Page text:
Posted on in Features, Multifamily
LOS ANGELES — Multifamily turnover, the percentage of total rented units not renewed each year, fell to 47.5 percent in 2018, its lowest level in at least two decades, according to CBRE.
Five of the six major multifamily REITs recorded lower turnover in the first quarter of 2019 than the prior year. For AvalonBay, Camden, Equity Residential, MAA and UDR, the average annualized first-quarter rate fell by 200 basis points to 42 percent. Essex was the exception with a 100-basis-point rise to 41 percent.
The REITs’ historical data also confirm that turnover has been falling for many years, argues CBRE. For example, Equity Residential’s first-quarter annualized rate of 39.2 percent was its lowest level since at least 2005.
Benefits of lower turnover rates generally outweigh disadvantages. Turnover hurts a property due to loss of rent while the unit is vacant, possible rent concessions needed to release the unit and expenses to make it ready for a new renter. Turnover costs are at least $1,000 per unit and can easily rise to more than $3,000, according to the National Apartment Association.
Yet, owners often achieve more rent growth when units turn. Higher turnover can be advantageous during periods where the market or product segment is achieving better-than-average rent growth.
More recently, rent gains have moderated, so high occupancy is driving lower turnover. The recent turnover decline, concurrent with the large amount of new multifamily supply each year, is a sign of market strength, says Jeanette Rice, Americas Head of Multifamily Research for CBRE.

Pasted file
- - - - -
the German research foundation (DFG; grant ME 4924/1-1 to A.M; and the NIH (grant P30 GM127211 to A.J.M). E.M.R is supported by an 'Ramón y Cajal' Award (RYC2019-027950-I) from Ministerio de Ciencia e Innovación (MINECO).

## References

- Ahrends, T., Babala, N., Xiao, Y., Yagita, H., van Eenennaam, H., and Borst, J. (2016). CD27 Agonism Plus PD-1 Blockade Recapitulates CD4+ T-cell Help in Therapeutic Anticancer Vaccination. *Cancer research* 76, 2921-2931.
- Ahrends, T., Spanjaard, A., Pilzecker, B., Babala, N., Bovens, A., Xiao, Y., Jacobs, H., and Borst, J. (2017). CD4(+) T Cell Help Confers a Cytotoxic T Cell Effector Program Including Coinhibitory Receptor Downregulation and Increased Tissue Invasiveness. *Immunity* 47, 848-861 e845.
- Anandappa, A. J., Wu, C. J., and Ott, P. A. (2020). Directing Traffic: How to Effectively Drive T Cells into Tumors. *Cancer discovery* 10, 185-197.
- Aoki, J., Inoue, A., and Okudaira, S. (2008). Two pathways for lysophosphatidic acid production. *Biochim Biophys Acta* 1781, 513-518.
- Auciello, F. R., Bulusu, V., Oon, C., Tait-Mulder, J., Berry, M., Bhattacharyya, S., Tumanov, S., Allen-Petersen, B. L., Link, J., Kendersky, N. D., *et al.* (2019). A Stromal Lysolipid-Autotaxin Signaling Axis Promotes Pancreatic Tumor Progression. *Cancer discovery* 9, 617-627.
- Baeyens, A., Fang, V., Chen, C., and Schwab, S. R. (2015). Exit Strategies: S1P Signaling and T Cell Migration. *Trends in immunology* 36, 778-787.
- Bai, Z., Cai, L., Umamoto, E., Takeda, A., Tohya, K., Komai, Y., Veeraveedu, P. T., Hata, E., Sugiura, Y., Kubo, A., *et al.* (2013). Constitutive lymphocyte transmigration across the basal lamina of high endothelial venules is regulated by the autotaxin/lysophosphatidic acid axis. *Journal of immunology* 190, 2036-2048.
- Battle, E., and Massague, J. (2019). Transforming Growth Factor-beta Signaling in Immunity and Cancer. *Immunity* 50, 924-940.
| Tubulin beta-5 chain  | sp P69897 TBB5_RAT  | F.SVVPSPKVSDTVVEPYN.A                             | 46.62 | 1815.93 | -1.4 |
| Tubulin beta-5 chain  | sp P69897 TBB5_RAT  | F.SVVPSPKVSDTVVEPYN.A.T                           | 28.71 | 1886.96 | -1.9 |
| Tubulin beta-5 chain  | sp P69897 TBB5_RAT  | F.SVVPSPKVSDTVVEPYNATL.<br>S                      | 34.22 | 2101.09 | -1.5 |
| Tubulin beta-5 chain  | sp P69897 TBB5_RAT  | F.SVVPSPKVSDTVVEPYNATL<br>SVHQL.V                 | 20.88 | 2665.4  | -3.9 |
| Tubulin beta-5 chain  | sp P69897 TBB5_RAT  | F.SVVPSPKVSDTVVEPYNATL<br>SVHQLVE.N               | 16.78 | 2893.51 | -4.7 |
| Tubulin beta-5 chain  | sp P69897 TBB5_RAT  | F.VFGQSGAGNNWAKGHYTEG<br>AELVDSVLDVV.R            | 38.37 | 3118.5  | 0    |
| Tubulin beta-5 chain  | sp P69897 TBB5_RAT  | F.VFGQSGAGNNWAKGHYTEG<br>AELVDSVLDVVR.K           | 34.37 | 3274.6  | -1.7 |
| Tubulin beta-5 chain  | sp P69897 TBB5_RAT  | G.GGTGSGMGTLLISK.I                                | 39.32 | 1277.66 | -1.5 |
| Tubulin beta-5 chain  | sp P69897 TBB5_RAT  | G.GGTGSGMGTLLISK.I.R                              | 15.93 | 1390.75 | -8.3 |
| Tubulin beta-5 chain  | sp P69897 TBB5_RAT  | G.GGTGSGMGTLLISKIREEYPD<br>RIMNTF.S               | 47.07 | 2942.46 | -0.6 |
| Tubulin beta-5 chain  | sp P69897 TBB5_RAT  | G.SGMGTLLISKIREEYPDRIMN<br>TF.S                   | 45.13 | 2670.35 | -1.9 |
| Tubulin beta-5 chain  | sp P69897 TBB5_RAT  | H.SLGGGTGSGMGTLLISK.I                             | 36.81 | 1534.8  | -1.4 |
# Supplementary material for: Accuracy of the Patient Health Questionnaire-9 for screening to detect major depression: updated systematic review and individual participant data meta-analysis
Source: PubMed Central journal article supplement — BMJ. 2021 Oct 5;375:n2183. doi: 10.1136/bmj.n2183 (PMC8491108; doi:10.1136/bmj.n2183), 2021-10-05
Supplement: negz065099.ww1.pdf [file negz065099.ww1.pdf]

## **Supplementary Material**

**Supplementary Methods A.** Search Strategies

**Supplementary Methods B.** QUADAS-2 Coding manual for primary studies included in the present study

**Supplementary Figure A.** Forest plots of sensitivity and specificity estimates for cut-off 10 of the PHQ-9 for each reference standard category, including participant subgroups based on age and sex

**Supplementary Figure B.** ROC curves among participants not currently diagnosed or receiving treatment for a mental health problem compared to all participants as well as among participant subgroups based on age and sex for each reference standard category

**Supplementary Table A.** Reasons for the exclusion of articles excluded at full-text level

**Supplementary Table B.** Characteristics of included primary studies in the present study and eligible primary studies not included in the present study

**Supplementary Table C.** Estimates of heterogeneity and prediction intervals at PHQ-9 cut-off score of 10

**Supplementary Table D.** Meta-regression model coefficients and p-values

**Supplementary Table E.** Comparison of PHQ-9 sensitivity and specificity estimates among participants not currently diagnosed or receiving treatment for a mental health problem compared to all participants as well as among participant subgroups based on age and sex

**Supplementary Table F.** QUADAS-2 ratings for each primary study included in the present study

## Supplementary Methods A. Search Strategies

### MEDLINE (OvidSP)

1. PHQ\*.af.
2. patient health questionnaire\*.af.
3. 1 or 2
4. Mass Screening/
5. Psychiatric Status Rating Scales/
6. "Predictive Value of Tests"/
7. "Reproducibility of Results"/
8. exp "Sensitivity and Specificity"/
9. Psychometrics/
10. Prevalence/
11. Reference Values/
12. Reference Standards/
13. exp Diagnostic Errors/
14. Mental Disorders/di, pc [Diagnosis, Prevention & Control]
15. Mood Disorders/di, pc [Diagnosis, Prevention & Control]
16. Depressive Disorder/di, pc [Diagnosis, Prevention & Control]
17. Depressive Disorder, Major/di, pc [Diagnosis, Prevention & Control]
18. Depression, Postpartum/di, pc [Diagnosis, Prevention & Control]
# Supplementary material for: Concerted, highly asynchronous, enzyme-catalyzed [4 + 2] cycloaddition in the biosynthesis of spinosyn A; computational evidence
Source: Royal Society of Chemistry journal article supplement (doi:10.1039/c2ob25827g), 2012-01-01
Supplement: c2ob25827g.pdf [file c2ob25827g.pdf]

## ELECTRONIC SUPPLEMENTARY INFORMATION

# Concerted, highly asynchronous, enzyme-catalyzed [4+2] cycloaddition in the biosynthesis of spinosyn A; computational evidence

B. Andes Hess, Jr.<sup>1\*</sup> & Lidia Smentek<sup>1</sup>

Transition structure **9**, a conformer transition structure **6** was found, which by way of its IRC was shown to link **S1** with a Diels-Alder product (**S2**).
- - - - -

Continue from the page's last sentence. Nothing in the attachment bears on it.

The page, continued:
Region, size matter
Data analytics firm RealPage reported that Northeast and Midwest markets dominated its list of metros with the lowest 2018 turnover. Metro areas in the South and West had the highest rates. Among 50 metros analyzed, Milwaukee and Northern New Jersey tied for the lowest 2018 turnover rate of 38.1 percent. Salt Lake City and San Antonio had the highest turnover rates at approximately 53.5 percent. Metros with more vibrant economies typically have higher-than-average turnover rates, says CBRE.
In addition, older properties and Class B and C assets typically have lower turnover rates than newer assets, at least at this point in the cycle. Vacancy rates are low in older assets with limited options for residents. Conversely, rental concessions in many Class A properties, especially those in lease-up, help to attract residents and thereby encourages turnover. In other words, renters are looking for the best deal.
Small multifamily assets typically have lower turnover rates, in part due to management’s philosophy of maintaining high occupancy over maximizing rent growth potential, says Rice. “Markets and assets governed by rent-control regulations also usually have much lower turnover due to the restricted rent increases for occupied units.”